German Wings A319-132
Cologne / Bonn Airport

On this day,  one of the most dangerous incidents of this kind happens - at least, as far as others have not (yet) become known. Although this incident was reported to the BFU, it was initially not reported as an "incident". An investigation has not been initiated. This happened later: when this incident was brought up in the German Bundestag.

These are the events:

Already in descent to Cologne/Bonn and about 20 km before landing
the captain (35) and his copilot (26) noticed a strange smell, a mixture of burning and electricity. The captain thinks about donning his oxygen mask, but rejects the thought - the "smell event" seems to be decreasing.

However: Now the co-pilot tells the captain that he is feeling really sick. And he puts on his mask.

Just then, the captain's hands and feet begin to tingle, his field of vision narrows and his senses fade  - all the while the Airbus 319 continues to descend. Now panic is spreading. The captain launches a ‚mayday’ call, hoping they'll make the landing. After all, there are 142 passengers in the Airbus. The jet is in the mean time overhead of the Cologne city area:

In a first reconstruction, which will only be carried out one year later (see below), the procedures in the cockpit read like this:

"At the time, the copilot had difficulty grasping the process in an overall picture, he was having trouble concentrating on individual aspects of what was happening and felt he could no longer digest the information.

Even the captain had arrived at the end of his capacity. He felt distracted by the noise of his own breath sounding in the oxygen mask and found this to be disturbing the communication between himself and his copilot. During the entire approach, he felt physically very ill. 

With the manual flight flying commando (flight director), he worked at the upper limit of what he felt possible."

What the two pilots themselves write in their flight report and how they could still get the Airbus on ground, albeit with a mighty bang, reads like this: you can find a small excerpt in the picture; click on the text to open the two complete reports as pdf:

Still, they landed. A fire brigade squad and ambulances are already waiting on the runway. Captain and copilot must go to the hospital. The captain can fly again four days later, but the copilot will be "not fit to fly" for 6 months.

The employers professional insurance association (BG) registers the incident as an ‚incident’ - the airline reports it, because the copilot is unfit to fly  for half a year. So the Lufthansa subsidiary Germanwings, who must pay him from their own budget for the first weeks, wants the money from their insurer "BG" for the time after that.

German BFU receives the news of the incident via fax from the police.

The further processing of this near-accident is reveiling:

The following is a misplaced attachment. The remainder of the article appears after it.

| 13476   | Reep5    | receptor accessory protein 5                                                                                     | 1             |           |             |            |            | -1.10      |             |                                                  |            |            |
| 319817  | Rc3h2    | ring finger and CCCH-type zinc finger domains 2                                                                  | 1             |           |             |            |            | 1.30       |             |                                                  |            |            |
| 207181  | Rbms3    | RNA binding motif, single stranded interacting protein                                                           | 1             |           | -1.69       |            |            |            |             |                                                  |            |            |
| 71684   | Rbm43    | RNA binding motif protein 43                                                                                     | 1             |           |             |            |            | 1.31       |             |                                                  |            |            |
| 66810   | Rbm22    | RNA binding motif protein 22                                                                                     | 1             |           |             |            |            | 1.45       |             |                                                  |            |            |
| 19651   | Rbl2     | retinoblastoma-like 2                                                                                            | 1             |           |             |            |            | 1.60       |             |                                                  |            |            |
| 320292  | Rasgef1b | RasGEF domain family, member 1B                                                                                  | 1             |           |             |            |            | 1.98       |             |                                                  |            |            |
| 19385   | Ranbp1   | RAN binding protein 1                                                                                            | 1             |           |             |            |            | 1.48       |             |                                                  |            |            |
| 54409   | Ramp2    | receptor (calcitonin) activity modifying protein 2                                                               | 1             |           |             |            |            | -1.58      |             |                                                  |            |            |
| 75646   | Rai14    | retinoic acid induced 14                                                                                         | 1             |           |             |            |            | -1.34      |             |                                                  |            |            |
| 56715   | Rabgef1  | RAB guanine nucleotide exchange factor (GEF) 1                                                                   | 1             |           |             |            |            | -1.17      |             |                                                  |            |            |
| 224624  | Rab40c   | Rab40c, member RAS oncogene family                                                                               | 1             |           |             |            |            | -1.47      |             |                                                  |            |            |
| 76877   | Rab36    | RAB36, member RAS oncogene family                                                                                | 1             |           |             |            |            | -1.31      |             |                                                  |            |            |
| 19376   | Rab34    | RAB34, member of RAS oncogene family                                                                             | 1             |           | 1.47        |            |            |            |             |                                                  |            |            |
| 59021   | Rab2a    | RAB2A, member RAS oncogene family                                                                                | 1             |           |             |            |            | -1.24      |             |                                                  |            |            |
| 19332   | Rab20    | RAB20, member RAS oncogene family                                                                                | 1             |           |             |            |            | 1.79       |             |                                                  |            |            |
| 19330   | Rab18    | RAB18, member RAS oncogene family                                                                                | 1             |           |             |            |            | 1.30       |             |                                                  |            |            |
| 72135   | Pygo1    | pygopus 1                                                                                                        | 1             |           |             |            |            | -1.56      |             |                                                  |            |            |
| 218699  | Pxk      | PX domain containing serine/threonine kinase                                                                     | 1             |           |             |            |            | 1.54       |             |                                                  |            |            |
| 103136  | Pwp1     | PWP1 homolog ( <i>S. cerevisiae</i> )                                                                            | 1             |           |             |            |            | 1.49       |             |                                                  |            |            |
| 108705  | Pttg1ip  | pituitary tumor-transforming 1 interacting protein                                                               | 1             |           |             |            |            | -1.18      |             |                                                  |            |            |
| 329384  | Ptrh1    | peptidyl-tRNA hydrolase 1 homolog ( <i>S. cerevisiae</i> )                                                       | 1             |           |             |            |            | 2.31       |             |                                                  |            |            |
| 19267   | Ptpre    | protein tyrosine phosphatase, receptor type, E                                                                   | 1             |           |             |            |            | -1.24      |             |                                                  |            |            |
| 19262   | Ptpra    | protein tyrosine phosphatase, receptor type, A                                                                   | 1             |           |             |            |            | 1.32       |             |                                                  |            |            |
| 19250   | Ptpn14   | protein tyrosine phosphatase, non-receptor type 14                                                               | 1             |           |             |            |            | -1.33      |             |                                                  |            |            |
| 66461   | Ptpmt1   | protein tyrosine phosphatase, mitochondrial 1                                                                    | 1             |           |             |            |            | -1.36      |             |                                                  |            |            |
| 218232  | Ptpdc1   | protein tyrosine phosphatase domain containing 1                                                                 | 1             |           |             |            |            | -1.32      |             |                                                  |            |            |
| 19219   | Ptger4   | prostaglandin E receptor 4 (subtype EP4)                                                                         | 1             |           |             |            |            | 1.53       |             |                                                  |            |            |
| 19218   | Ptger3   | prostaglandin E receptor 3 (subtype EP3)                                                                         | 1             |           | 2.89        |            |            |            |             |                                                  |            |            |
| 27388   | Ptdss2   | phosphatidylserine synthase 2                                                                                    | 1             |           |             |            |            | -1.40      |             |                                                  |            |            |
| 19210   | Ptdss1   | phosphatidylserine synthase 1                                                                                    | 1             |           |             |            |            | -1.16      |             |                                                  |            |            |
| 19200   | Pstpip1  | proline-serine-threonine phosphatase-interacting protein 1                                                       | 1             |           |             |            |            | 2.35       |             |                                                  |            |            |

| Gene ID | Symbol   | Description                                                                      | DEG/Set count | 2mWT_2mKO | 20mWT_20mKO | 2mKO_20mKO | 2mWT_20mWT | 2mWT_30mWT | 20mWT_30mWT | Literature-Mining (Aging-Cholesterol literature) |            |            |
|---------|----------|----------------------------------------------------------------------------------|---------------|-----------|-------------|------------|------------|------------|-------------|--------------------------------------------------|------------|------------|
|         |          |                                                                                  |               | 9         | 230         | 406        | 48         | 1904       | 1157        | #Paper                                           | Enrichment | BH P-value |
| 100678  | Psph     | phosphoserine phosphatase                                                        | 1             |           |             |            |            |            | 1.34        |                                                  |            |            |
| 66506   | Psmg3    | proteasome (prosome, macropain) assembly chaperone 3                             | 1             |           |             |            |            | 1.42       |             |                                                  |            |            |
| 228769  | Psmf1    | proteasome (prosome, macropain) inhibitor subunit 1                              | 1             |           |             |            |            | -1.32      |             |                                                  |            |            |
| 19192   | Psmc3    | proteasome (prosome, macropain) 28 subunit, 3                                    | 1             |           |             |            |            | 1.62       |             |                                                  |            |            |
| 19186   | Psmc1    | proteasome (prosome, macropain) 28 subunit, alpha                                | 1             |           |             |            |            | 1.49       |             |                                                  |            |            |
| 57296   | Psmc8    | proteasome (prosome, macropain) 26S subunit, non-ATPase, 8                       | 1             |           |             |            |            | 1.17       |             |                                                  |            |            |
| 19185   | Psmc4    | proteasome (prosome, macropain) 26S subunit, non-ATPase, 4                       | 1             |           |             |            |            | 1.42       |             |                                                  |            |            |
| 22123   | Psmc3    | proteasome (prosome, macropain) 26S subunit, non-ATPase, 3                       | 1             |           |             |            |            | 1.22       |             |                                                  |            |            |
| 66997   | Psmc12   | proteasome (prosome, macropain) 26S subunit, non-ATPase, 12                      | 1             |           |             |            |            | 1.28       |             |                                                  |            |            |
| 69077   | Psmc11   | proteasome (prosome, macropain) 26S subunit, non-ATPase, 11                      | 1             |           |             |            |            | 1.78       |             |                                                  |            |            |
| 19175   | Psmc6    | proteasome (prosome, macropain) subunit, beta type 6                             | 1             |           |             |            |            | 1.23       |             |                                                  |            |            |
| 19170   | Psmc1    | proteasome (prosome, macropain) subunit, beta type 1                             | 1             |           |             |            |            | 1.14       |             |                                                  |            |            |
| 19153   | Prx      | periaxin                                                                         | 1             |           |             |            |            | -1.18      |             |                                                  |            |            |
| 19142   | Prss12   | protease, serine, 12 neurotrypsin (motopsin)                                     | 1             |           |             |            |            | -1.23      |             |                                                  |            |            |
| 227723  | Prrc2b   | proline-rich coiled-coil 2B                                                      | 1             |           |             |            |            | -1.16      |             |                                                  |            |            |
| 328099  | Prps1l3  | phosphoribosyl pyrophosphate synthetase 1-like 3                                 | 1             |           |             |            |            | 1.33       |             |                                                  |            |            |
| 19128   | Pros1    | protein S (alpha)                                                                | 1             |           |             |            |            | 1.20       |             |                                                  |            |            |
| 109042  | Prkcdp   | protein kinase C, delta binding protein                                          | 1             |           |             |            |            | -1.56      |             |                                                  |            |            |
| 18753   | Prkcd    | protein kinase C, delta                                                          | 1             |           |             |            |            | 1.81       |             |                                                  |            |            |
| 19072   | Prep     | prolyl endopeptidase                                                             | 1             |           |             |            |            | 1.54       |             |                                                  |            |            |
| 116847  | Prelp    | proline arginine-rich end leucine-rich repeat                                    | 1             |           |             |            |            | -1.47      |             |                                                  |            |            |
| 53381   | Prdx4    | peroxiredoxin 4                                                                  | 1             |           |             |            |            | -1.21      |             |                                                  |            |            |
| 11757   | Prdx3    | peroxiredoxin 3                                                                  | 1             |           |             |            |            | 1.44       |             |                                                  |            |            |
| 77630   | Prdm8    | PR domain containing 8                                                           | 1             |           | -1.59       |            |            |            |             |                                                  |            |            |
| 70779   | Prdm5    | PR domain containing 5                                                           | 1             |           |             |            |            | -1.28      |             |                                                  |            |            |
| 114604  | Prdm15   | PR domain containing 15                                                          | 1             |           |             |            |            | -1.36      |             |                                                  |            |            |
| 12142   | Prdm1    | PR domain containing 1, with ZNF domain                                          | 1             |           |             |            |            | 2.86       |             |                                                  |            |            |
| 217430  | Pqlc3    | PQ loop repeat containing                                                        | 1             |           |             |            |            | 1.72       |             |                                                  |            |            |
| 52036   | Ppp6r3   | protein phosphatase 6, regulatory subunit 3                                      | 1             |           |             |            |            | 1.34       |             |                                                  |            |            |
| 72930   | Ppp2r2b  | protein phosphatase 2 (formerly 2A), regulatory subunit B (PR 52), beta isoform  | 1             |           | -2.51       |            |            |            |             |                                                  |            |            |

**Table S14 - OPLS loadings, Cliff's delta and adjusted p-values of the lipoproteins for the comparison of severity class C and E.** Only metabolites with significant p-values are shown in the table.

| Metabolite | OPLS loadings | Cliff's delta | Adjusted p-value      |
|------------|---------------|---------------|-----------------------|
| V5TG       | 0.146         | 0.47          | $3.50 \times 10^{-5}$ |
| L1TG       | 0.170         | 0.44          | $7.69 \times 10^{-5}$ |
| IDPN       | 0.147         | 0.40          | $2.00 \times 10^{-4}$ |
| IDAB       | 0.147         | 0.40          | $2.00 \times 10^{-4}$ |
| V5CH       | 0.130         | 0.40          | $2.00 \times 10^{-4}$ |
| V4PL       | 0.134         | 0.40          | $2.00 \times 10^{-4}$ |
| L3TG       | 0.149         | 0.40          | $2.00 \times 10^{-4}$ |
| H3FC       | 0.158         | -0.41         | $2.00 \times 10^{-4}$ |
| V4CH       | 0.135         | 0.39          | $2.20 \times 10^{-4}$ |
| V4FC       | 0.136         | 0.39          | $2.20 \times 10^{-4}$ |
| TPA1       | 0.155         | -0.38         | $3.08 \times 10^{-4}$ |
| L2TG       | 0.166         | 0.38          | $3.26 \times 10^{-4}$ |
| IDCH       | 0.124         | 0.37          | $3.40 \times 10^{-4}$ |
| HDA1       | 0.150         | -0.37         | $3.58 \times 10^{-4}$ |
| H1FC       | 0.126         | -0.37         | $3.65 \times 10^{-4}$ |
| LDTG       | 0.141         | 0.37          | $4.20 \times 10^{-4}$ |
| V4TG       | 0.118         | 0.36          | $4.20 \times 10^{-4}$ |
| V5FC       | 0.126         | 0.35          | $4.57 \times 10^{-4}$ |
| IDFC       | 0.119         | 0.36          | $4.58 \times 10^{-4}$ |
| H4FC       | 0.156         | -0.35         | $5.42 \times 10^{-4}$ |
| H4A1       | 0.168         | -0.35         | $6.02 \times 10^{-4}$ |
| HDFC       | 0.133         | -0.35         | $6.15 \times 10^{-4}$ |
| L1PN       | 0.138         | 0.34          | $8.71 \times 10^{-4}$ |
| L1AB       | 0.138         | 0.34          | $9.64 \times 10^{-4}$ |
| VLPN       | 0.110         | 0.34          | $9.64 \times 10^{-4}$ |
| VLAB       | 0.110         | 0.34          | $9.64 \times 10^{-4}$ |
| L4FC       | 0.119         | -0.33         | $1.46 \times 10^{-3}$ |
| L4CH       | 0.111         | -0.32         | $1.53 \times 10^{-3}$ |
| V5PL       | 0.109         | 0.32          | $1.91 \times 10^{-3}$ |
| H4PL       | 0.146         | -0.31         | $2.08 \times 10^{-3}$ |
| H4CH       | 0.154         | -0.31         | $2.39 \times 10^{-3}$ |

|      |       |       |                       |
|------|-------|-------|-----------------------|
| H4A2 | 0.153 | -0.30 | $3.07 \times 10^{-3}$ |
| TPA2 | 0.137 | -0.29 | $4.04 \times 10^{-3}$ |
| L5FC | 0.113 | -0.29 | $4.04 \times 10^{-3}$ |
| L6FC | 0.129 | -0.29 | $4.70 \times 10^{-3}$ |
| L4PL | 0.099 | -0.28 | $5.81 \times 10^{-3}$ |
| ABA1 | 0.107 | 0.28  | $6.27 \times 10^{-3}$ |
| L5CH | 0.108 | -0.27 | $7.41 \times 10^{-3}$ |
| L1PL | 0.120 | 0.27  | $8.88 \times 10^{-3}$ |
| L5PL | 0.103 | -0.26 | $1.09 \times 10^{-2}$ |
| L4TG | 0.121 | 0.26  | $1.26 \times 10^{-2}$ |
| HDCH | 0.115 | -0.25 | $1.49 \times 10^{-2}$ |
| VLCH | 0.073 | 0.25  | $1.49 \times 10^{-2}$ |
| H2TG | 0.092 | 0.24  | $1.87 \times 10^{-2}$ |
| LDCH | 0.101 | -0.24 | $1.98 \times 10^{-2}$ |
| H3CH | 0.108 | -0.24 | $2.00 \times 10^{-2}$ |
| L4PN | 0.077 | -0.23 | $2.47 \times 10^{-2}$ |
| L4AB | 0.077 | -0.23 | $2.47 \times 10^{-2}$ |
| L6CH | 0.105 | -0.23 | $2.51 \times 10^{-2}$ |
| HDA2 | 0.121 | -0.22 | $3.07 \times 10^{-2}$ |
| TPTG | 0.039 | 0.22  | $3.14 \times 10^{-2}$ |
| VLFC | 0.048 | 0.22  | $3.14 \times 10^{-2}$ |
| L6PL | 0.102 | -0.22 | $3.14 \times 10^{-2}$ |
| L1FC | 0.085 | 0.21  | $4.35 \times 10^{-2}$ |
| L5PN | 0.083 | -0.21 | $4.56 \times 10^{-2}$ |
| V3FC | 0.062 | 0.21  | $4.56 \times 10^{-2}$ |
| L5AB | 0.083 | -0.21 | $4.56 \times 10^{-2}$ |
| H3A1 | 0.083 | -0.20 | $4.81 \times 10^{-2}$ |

It does not get underway until almost one year later  in September 2011, when Tim van BEVEREN addresses this case at a hearing in the Tourism Committee of the Bundestag. This committee’s meetings are not public. Now, at least some members of parliament learn that the airlines and also the responsible BFU (German Federal Aircraft Accident Investigation Bureau) do not take the reports too seriously

The BFU will produce 2 reports:

  • In the interim report, the reason is said to be "most likely due to deicing fluid; oil, fuel or electrical odors were definitely excluded by the technicians." The representative of the Federal Office for Civil Aviation, who will be present at the Tourism Committee one year later, will describe this statement - appropriately - as "nonsense": an airplane that has been in the air for more than an hour and is approaching an airport has no residues of deicing fluid left anywhere.
  • However, for the final report the BFU has to make a little more of an effort. They leave the assessment up to the Air Force’s Aviation Medical Institute.
    The reported symptoms could be, without further knowledge of the general situation, consistent with the inhibition of the enzyme acetylcholinesterase or other neurospecific esterases, which may be caused by organophosphate compounds, in particular tricresyl phosphate and its isomers. (P. 32). So: Aerotoxic Syndrome.However, from a differential diagnostical point of view, other causes could also be considered, which the BFU ultimately summarizes as follows:
    "The cockpit crew’s health impairments that occurred during the approach, combined with a significant reduction in the performance of both pilots, were most likely due to the following cause: a massive development of smells in the cockpit area, of which the source and location could not be determined, may have contributed to: physiological and psychological effects of the odours on both crewmembers."
    In other words: The copilot had exhausted himself with sports activities before the flight, the captain then succumbed to the so-called nocebo effect. The latter states (as opposed to the placebo effect) that health impairments can come about by imagining them.

Incidentally, the nocebo effect also largely explains the Aerotoxic Syndrome in English WIKIPEDIA. More: The presentation of the problem of contaminated cabin air in WIKIPEDIA


Transavia - Boeing 737 800 - flight HV 6146
from Spain to Holland 

During the flight there will be a fume event. The stewardesses are badly restricted in their work.  Joanne de BOTT has severe ill-health issues since the flight. 

More about those affected.


Condor - Boeing 757 - flight 5944
Hamburg → Las Palmas/Gran Canaria